Comcast to Provide 35K Philly Households With Internet Ahead of All-Virtual Schooling

Families who are housing insecure or homeless will be provided with T-Mobile hotspots to stay connected

NBC Universal, Inc.

What to Know

  • Philadelphia schools will contact parents to see if they need services and provide them with a code to give Comcast
  • Close to 50,000 students will benefit
  • Some families will get an at-home connection. Ohers in need will get a mobile hotspot from T-Mobile.

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About 35,000 Philly households -- with about 50,000 city school students -- will be connected to the internet, and given digital skills training and tech support, ahead of an all-virtual start to the school year.

Comcast, the city and several foundations are supporting the effort to connect households with children in Philly's public, charter and Independence Mission Catholic schools. The initial focus will be on households with K-12 students and no internet access or only mobile phone access, or on people who are homeless and housing insecure.

The program, PHLConnectEd, will cost $17.1 million over two years to connect homes with Comcast's Internet Essentials program or provide T-Mobile hotspots for students who need them.

Comcast is the parent company of NBCUniversal, including NBC10 and Telemundo62.

"By focusing on K-12 student households now, we can have an immediate impact in bridging the digital divide, especially to support distance learning for the upcoming school year," Mayor Jim Kenney said.

"The digital divide is an extreme problem that's gotten worse" with the pandemic, said Mark Wheeler, the city's chief information officer.

The program will also connect the households with "digital navigators" who can talk parents through setting up devices and routers, and how to use them.

The schools will contact eligible parents directly to setup their connection with Comcast at home or through the mobile hotspot. More information is available here.

Students in Philly public and charter schools, and some Catholic schools, are eligible for free internet through Comcast or T-Mobile for up to two years. The school will provide them a code to give to the internet provider to start accessing the service.

“We also have to include portable options. We have a number of students who are transient, who have housing insecurities. And so we built in flexibility to make sure we have a mobile option,” said Otis Hackney, the city’s chief education officer. The goal is to have one device per student.

“That’s important, if you have multiple children in the household and all of their classes are happening at the same time, we need to make sure that all of those students have a device so they can be in their individual classroom,” Hackney said.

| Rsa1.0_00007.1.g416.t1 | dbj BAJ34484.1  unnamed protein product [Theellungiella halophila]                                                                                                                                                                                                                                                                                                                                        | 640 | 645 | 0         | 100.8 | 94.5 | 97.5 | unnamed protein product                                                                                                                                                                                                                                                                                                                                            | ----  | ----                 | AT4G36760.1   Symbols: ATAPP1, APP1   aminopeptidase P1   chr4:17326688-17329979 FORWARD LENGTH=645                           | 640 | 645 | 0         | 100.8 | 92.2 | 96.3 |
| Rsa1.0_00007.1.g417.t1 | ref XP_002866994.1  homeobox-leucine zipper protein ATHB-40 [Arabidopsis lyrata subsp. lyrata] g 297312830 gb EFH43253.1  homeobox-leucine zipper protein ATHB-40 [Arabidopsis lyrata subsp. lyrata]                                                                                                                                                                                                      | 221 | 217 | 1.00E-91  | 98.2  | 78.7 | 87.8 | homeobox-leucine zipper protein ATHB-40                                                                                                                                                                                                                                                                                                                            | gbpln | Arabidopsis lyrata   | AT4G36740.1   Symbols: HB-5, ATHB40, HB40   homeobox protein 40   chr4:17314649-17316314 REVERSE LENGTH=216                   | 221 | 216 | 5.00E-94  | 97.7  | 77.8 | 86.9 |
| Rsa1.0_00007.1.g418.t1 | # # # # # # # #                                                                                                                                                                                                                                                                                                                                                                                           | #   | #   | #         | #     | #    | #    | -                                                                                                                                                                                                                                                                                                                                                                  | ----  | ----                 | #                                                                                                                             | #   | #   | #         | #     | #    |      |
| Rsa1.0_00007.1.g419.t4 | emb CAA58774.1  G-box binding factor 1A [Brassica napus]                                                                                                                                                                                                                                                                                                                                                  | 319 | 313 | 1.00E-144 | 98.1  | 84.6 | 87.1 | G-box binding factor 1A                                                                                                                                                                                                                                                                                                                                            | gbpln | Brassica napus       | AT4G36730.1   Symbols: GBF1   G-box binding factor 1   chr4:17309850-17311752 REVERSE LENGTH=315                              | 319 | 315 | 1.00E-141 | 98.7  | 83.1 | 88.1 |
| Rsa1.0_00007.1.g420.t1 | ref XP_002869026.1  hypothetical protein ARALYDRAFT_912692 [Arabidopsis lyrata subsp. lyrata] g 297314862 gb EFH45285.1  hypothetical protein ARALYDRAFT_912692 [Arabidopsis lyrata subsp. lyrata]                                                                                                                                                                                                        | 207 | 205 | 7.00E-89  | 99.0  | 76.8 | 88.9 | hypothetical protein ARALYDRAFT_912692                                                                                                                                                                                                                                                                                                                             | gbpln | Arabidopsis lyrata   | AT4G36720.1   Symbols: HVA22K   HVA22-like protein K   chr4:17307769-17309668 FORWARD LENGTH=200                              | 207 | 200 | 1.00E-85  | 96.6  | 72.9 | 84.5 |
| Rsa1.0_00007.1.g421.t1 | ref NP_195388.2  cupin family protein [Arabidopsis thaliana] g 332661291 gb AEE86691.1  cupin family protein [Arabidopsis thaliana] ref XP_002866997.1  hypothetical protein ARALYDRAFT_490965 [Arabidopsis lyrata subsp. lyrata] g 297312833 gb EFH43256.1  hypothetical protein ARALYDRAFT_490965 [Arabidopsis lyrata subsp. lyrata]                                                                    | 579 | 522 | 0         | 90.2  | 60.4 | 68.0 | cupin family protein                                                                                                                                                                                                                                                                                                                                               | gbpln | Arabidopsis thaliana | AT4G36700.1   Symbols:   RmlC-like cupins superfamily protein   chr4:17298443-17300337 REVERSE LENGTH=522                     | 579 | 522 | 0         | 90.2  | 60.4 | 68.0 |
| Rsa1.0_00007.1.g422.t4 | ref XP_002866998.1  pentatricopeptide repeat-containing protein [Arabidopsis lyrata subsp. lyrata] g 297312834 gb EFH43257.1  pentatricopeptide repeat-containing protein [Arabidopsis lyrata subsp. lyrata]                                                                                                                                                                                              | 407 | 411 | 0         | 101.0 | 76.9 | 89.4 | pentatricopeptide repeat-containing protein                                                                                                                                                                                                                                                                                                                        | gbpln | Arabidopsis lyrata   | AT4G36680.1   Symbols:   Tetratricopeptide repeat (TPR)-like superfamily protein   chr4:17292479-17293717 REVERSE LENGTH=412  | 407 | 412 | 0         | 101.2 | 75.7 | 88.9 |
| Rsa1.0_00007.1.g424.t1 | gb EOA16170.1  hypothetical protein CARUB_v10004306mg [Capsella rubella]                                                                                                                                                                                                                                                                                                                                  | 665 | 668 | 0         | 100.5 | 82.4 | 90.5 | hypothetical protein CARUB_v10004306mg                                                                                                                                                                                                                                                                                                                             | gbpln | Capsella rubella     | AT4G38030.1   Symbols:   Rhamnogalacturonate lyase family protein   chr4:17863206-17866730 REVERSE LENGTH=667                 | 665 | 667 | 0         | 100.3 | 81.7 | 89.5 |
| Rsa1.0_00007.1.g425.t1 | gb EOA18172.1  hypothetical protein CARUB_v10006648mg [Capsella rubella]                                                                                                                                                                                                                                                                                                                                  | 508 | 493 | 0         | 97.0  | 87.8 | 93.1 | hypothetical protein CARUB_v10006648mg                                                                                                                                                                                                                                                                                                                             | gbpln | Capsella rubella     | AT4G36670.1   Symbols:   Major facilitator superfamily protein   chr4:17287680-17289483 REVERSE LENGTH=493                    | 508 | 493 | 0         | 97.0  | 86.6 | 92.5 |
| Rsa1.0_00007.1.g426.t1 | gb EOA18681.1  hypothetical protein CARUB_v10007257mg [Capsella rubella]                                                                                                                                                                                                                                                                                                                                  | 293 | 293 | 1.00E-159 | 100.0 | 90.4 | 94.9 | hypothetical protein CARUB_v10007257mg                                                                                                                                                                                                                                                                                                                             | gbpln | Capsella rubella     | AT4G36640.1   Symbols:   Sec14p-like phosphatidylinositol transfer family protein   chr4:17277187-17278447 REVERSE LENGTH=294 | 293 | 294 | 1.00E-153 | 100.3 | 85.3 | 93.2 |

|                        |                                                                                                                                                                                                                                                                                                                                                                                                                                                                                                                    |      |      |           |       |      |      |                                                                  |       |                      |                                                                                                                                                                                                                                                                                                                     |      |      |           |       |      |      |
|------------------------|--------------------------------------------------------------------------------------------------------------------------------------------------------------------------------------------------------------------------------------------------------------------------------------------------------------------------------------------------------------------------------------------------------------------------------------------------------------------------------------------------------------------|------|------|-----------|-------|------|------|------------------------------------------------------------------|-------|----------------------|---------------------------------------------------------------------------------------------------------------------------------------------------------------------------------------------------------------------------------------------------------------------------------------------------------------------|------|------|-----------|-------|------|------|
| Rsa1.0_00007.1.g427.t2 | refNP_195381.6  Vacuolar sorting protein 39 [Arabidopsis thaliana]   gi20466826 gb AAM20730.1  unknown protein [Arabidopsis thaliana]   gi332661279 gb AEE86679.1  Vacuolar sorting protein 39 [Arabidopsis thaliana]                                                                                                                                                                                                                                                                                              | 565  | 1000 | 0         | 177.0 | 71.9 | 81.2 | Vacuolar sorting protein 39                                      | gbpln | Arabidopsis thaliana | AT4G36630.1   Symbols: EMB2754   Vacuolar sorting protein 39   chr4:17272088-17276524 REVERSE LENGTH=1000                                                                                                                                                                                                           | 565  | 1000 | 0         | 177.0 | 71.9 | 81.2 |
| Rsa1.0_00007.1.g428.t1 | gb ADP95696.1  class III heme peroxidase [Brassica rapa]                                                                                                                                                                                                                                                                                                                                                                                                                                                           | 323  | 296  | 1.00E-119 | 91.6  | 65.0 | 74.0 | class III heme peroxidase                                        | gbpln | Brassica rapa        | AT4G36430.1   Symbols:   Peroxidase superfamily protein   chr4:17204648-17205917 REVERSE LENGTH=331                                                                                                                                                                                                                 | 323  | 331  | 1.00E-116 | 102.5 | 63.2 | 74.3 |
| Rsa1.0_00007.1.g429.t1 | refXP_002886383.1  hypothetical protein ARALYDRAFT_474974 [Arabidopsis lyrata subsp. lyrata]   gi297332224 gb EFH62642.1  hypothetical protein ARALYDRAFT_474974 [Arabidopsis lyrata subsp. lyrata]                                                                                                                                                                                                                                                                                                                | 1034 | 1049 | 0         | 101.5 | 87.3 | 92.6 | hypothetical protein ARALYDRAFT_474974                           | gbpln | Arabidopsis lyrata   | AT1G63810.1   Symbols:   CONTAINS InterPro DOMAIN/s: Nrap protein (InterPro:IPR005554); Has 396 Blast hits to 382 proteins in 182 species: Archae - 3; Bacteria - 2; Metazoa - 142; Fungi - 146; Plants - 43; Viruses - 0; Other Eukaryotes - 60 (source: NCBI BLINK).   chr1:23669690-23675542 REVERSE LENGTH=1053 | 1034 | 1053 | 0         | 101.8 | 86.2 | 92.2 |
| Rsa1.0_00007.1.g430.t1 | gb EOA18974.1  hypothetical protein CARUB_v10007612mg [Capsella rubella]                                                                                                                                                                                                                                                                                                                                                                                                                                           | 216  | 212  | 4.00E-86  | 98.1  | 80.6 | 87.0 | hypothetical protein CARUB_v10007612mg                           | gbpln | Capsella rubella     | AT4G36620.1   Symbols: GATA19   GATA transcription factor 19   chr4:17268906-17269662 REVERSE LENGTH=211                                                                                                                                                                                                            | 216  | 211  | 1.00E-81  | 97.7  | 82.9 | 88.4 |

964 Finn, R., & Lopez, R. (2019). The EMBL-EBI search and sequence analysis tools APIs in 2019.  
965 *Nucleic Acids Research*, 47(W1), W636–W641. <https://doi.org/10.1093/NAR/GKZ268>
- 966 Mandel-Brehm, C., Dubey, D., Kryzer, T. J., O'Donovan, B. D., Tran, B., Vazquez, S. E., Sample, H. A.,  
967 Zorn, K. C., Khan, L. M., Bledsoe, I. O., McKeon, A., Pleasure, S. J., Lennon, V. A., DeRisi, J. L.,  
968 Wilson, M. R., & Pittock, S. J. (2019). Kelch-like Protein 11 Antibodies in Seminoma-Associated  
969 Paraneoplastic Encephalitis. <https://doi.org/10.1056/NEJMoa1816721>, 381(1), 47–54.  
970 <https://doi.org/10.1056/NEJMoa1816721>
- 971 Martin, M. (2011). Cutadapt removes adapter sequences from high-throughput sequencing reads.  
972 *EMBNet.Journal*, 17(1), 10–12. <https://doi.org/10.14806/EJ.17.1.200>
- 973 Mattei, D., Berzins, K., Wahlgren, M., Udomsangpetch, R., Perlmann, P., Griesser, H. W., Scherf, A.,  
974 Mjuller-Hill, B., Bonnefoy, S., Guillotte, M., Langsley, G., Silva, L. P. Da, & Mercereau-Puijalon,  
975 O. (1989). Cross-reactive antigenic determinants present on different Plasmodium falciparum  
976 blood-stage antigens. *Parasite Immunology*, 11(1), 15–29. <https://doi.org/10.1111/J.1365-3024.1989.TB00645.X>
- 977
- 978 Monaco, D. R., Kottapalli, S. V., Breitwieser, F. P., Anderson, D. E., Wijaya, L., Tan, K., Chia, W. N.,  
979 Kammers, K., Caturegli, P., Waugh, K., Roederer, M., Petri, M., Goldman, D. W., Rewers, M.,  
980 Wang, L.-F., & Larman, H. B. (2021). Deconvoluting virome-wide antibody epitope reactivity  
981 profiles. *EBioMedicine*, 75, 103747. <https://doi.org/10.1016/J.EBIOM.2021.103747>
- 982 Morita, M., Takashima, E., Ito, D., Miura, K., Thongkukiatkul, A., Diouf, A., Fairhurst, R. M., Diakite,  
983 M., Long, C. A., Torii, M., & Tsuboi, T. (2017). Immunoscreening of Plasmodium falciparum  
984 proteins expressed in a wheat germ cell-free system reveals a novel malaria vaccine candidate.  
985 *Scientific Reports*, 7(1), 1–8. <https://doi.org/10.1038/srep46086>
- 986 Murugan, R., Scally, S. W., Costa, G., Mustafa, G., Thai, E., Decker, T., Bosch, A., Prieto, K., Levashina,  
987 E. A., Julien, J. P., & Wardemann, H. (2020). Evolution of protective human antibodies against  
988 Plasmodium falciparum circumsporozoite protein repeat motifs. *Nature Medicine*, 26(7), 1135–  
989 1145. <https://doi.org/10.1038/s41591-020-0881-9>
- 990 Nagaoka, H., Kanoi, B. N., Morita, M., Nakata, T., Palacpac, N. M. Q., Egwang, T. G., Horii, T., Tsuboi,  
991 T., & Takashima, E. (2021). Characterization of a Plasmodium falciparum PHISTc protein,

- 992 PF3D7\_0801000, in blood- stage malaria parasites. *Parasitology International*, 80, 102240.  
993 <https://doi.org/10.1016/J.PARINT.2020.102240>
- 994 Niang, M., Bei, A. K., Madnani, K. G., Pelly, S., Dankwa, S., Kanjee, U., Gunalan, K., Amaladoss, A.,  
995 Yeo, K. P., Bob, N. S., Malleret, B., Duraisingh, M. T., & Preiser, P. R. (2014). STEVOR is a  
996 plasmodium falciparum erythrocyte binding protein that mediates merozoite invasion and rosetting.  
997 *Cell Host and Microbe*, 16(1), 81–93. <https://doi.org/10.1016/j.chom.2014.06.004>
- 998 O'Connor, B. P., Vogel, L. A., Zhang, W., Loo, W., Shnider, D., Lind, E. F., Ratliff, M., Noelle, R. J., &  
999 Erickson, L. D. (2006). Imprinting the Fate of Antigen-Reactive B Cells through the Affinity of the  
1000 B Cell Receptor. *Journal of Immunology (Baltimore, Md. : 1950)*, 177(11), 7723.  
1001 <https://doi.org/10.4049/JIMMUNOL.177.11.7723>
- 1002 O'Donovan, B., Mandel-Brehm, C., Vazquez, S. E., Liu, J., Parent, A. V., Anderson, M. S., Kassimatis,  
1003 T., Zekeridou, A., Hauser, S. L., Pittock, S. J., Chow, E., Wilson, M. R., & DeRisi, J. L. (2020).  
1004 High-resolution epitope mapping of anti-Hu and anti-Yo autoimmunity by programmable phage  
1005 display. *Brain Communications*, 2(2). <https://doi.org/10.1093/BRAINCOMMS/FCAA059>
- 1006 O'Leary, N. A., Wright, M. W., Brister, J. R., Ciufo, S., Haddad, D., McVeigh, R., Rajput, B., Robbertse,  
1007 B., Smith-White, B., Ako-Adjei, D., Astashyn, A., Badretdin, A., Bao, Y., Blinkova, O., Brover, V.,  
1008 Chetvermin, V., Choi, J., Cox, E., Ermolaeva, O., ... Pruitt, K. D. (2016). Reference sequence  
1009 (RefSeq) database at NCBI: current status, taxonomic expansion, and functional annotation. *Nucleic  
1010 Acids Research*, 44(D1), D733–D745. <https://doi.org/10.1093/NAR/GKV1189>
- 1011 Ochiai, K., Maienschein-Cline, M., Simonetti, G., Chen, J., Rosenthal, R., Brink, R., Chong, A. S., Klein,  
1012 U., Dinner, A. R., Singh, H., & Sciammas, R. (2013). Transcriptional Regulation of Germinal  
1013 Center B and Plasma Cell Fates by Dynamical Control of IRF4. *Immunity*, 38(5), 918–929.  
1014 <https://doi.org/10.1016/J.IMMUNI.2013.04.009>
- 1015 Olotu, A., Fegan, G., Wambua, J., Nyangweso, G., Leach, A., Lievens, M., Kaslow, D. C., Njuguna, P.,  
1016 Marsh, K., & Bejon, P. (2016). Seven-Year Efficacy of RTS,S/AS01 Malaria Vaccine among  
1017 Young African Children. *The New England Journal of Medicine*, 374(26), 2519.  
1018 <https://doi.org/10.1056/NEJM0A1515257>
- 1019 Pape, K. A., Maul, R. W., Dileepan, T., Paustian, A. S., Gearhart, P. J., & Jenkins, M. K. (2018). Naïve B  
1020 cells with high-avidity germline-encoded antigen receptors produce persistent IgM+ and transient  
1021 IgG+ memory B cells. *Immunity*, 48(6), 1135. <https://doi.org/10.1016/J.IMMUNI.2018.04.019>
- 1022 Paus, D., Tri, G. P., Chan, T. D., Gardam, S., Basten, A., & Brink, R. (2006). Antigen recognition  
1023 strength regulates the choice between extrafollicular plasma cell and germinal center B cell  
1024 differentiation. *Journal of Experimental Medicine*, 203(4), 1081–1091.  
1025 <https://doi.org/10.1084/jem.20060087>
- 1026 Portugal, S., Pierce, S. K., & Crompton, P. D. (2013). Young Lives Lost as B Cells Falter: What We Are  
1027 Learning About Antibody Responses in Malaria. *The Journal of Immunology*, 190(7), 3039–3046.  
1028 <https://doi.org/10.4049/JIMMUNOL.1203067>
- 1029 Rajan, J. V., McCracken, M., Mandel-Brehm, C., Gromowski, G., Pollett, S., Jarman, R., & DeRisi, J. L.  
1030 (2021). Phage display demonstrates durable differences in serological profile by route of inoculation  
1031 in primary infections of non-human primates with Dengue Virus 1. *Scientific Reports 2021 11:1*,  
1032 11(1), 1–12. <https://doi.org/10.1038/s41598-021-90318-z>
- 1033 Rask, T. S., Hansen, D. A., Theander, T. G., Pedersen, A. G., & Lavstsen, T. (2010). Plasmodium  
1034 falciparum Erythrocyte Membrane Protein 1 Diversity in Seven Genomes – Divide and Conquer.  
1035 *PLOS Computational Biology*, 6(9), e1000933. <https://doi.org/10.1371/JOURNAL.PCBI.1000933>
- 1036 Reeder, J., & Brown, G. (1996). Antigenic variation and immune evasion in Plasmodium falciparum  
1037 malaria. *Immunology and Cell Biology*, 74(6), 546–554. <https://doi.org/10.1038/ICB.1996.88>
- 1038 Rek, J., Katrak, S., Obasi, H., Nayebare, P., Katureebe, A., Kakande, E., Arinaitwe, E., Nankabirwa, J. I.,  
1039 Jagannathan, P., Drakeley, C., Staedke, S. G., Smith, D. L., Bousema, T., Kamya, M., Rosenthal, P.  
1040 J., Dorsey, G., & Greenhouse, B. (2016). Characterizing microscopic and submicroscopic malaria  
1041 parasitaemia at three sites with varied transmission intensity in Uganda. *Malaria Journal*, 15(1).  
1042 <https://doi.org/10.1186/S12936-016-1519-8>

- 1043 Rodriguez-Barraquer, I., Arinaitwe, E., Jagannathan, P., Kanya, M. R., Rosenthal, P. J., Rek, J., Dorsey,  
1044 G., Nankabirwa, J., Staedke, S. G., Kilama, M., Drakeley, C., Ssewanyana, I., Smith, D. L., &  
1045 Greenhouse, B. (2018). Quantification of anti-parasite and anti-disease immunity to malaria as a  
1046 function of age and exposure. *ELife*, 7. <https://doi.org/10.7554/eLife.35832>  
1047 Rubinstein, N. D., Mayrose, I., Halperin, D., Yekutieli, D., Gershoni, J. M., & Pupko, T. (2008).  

"COVID-19 shed light on many inequities that negatively impacted people across the country, including right here," Superintendent Dr. William Hite said in a news conference. The plan will help "all students in every neighborhood, reach their full academic potential" ahead of an all-virtual school year.

"We knew there was a significant number of students without reliable access to internet ... we needed to have all partners working together" to achieve the plan, Hite said.

The Comcast NBCUniversal Foundation, Lenfest Foundation, Neubauer Family Foundation and William Penn Foundation are some of those partners. Charter school partners include Mastery, KIPP, Esperanza, Boys Latin, Independence, Philadelphia Charters for Excellence, and Richard Allen Prep Charter.

Local reaction

Much of the reaction from politicians praised the program, noting the efforts to bridge the digital divide.

"This initiative to expand reliable internet access to thousands of Philadelphians will open new doors of opportunities," Governor Tom Wolf said in a statement. "Equitable access is critical for students to build the digital skills they need for success in the classroom today and in their future careers.”

Other officials noted that the program starts with getting kids connected, but will benefit their parents too.

"The program will impact many students and help us work towards overall equity as a city," City Councilmember Cherelle Parker said. "... but we must be mindful that the digital divide is not just an issue for students. We also need a longer-term plan so everyone of all ages in a household can get connected, whether that’s to look for new job opportunities, to have telehealth appointments with their doctor, or just to connect with their friends and family to stave off loneliness."

The Movement Alliance Project called the program a win for students and families -- but added that Internet Essentials speeds need to be increased.

The home connection should be able to accommodate multiple students attending class as well as parents who could be working or applying to jobs, said the statement from policy organizer Devren Washington.

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